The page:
The global asset market has lost steam amid the prolonged global economic slowdown, and the Korean market situation is not faring much better.
But this does not mean investors should wait until the mist clears, according to a top strategist at the U.S.-based LaSalle Investment Management.
“Now is not time to buy core ― it is very expensive,” said Paul Guest, Asia-Pacific head of research and strategy of the company, in an email interview with The Korea Herald.
“But there are plenty of near-core and value-added opportunities that could suit, given the abundance of Korean real estate capital moving overseas,” he said, pointing to the country’s sovereign, pension and insurance funds.
The property strategist has had over 10 years of direct and indirect real estate experience, as former global head of capital market research for Jones Lang LaSalle and former chief European economist for Moody’s Investors Service.
He recommended investment in logistics and business hotels in Korea during his recent visit to Seoul for investor relations.
The crash landing of an Asiana Airlines jetliner on July 6 put a dent in tourism numbers in the short term, but “investors looking at a medium or long-term hotel investment should be considering longer-term factors,” he said.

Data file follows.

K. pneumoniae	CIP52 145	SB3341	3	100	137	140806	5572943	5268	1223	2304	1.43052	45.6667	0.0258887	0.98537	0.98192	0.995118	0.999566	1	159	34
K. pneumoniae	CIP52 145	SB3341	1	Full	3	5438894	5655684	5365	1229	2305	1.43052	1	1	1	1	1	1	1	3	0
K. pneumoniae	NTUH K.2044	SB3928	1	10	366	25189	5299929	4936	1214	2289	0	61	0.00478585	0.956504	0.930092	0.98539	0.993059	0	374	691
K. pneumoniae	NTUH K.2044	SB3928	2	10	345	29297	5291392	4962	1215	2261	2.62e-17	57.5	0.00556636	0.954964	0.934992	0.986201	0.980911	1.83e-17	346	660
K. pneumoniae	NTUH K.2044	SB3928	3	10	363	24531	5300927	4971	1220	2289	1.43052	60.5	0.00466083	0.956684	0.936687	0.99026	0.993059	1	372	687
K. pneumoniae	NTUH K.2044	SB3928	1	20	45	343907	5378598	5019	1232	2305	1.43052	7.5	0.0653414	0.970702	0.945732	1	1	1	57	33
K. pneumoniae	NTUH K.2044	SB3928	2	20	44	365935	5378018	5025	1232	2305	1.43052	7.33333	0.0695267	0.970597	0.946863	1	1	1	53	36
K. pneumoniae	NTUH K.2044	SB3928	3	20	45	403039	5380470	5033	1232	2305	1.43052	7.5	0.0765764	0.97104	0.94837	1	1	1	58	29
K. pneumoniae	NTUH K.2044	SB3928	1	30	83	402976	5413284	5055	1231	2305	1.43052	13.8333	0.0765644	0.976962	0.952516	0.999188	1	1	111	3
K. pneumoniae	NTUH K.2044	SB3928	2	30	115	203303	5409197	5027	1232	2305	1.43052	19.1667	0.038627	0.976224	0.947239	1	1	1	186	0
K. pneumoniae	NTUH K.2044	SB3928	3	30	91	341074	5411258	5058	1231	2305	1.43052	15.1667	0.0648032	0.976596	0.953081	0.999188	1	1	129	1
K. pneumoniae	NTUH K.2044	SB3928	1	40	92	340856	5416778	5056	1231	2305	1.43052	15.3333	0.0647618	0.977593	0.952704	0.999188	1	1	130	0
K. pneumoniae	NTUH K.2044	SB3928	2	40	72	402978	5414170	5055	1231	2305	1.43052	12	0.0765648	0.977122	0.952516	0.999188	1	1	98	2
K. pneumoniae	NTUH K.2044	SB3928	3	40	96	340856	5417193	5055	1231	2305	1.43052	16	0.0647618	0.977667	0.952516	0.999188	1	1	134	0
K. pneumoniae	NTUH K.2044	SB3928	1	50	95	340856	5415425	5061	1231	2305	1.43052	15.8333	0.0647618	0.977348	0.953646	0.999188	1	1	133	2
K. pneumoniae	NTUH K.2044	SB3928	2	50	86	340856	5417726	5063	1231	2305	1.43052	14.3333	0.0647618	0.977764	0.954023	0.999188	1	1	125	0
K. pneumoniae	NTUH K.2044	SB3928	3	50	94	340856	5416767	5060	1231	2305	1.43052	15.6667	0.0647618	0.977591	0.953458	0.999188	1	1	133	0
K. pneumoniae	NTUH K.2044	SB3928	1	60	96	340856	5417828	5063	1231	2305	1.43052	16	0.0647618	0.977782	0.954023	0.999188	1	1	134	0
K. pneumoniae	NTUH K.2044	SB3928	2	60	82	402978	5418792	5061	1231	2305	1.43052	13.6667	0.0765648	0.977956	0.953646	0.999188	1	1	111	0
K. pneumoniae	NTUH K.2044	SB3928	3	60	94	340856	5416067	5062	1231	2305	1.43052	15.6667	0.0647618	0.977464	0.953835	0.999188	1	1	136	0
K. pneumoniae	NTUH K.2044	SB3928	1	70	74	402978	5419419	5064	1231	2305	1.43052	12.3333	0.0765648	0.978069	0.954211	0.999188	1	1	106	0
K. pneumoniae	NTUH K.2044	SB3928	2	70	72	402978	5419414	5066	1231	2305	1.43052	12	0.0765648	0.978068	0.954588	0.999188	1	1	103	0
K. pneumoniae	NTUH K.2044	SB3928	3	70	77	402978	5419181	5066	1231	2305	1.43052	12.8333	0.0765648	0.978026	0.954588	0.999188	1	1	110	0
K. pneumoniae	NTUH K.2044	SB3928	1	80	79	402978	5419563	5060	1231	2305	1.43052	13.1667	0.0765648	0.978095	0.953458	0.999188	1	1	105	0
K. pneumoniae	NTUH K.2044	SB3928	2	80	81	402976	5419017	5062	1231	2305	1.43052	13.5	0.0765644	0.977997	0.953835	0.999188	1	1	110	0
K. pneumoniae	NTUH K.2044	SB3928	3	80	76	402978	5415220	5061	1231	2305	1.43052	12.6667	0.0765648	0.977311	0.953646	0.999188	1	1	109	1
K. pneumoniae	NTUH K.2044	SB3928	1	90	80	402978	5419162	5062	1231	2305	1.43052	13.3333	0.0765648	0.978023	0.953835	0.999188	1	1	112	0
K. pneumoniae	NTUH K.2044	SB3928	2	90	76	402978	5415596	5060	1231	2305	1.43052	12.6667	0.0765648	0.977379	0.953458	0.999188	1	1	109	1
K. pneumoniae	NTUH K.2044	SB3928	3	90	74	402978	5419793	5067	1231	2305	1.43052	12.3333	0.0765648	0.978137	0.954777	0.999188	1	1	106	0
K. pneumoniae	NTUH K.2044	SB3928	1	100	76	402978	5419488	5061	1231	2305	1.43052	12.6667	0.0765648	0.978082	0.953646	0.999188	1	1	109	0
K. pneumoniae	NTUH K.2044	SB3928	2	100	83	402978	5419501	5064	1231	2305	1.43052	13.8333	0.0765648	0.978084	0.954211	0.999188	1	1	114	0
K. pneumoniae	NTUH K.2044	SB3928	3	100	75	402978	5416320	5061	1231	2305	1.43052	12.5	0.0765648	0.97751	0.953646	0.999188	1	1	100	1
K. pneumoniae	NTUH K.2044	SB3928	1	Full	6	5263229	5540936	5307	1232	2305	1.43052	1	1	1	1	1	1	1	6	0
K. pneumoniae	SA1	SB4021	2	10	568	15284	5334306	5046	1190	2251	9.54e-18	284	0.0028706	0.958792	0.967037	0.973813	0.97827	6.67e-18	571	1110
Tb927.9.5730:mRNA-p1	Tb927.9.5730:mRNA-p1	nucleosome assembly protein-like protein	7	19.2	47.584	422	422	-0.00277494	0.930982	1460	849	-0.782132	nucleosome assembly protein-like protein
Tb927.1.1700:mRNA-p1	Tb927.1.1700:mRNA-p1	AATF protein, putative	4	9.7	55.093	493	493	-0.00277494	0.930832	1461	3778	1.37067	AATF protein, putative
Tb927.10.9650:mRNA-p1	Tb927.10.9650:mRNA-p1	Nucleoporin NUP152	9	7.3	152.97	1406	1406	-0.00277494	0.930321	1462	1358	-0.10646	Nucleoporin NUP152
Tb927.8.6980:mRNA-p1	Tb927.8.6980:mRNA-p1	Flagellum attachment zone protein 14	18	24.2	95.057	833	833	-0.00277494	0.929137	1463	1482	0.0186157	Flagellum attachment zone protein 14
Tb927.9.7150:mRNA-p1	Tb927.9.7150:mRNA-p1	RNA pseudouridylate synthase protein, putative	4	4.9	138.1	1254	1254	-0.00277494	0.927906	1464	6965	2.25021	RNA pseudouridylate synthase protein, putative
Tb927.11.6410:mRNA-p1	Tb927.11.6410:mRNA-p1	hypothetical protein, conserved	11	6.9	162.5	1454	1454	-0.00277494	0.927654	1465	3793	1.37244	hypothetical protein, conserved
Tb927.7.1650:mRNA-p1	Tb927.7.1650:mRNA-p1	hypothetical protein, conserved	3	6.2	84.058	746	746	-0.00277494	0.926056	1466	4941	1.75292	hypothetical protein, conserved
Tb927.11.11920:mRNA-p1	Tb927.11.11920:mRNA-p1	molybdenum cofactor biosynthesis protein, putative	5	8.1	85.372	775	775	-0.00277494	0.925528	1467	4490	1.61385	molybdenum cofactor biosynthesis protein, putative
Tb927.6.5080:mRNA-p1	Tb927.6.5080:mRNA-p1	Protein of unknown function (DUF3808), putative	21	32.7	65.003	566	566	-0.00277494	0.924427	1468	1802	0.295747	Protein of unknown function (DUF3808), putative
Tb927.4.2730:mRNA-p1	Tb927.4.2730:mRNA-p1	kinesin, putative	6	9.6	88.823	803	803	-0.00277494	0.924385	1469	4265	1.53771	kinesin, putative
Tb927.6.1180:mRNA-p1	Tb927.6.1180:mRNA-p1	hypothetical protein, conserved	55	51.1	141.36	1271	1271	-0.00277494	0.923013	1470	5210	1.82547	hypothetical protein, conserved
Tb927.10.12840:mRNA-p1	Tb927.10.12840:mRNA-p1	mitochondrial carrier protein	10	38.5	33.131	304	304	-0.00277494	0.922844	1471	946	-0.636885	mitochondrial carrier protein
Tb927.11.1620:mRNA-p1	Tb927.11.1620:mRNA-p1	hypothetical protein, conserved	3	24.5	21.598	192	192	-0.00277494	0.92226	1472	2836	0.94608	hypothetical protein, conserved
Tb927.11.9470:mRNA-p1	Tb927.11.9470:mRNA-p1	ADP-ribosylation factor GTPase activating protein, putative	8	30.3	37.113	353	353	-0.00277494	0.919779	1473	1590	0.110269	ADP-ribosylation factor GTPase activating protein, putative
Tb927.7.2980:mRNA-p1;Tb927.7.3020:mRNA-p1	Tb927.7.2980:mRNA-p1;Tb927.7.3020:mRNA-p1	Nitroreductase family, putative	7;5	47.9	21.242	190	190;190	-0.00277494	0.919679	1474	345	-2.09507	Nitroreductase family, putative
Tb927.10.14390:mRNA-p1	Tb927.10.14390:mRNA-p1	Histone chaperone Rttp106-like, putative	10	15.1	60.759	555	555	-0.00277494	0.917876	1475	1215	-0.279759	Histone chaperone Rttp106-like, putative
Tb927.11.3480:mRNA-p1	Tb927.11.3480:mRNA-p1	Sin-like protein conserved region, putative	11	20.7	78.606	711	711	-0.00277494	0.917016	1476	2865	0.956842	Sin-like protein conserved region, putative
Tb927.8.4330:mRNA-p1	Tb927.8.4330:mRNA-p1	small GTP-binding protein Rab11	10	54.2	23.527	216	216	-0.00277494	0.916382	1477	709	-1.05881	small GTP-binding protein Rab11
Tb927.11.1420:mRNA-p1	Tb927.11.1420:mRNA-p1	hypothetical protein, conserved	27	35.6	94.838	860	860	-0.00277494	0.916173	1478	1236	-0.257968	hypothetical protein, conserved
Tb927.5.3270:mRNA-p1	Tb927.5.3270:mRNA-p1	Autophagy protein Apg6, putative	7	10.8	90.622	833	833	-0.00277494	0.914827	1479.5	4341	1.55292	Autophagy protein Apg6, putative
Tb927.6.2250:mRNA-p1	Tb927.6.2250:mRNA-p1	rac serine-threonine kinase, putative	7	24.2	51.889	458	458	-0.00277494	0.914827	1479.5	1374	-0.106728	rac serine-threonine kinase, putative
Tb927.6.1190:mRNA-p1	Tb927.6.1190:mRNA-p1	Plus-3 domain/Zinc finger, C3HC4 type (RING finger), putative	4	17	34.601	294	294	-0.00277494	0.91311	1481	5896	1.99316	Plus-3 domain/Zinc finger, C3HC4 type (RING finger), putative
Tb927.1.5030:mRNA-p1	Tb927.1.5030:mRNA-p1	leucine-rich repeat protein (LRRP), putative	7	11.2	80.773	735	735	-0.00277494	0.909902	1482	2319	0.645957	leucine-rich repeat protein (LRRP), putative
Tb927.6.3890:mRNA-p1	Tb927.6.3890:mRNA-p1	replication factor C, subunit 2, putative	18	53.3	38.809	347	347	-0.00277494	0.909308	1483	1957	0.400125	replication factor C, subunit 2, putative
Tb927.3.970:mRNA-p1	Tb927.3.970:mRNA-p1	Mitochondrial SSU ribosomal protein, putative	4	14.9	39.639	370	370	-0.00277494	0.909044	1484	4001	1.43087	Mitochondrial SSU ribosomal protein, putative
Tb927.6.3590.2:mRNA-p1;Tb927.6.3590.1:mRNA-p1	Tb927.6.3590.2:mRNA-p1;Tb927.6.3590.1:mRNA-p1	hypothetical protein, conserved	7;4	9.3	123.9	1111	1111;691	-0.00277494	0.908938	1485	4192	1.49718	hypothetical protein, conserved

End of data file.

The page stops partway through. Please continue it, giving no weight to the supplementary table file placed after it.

He added that regional or global diversification of asset portfolios has become a necessity for Korean institutional investors.
“For major Korean institutions, real estate should form part of their portfolio, if they do not already,” he said.
Investment in Southeast Asian properties has gained popularity among Korean financial institutions that seek overseas expansion. But the region is not uniform in market maturity, Guest warned, calling for careful selection of operating partners.
For instance, Singapore is a mature market, dominated by domestic investors, and heavily securitized, he said.
But the markets of Indonesia and Vietnam are relatively “immature, only gradually opening to foreign investment,” while Myanmar‘s property investment market is still in its fledgling stages, he noted.
“My advice to institutional investors looking at these markets is to select operating partners carefully: Detailed local knowledge is vital and will make or break the investment,” he said.
He also predicted that Japan’s attempts for major structural reform will exert significant influence on Korean investment.
While he felt Abenomics could potentially provide a renewed growth driver to Asia, even as China is slowing, Guest emphasized that such an attempt is “thus far no more than additional stimulus and optimism.”
Abenomics still has “considerable political challenges to overcome,” Guest said. The structural reforms, “necessary to make growth self-sustaining and to drag the economy out of the deflation pit, are only just being discussed.”
The strategist expected that the growth trend, which has slowed across the Asia-Pacific region, will continue, although growth is slowly picking up in the developed markets.
“Global interest rates are starting to rise, as is volatility with an uncertain exit path from quantitative easing,” Guest said. “This is impacting on the perception of property, with the real estate investment trust markets already experiencing considerable volatility.”
By Chung Joo-won (firstname.lastname@example.org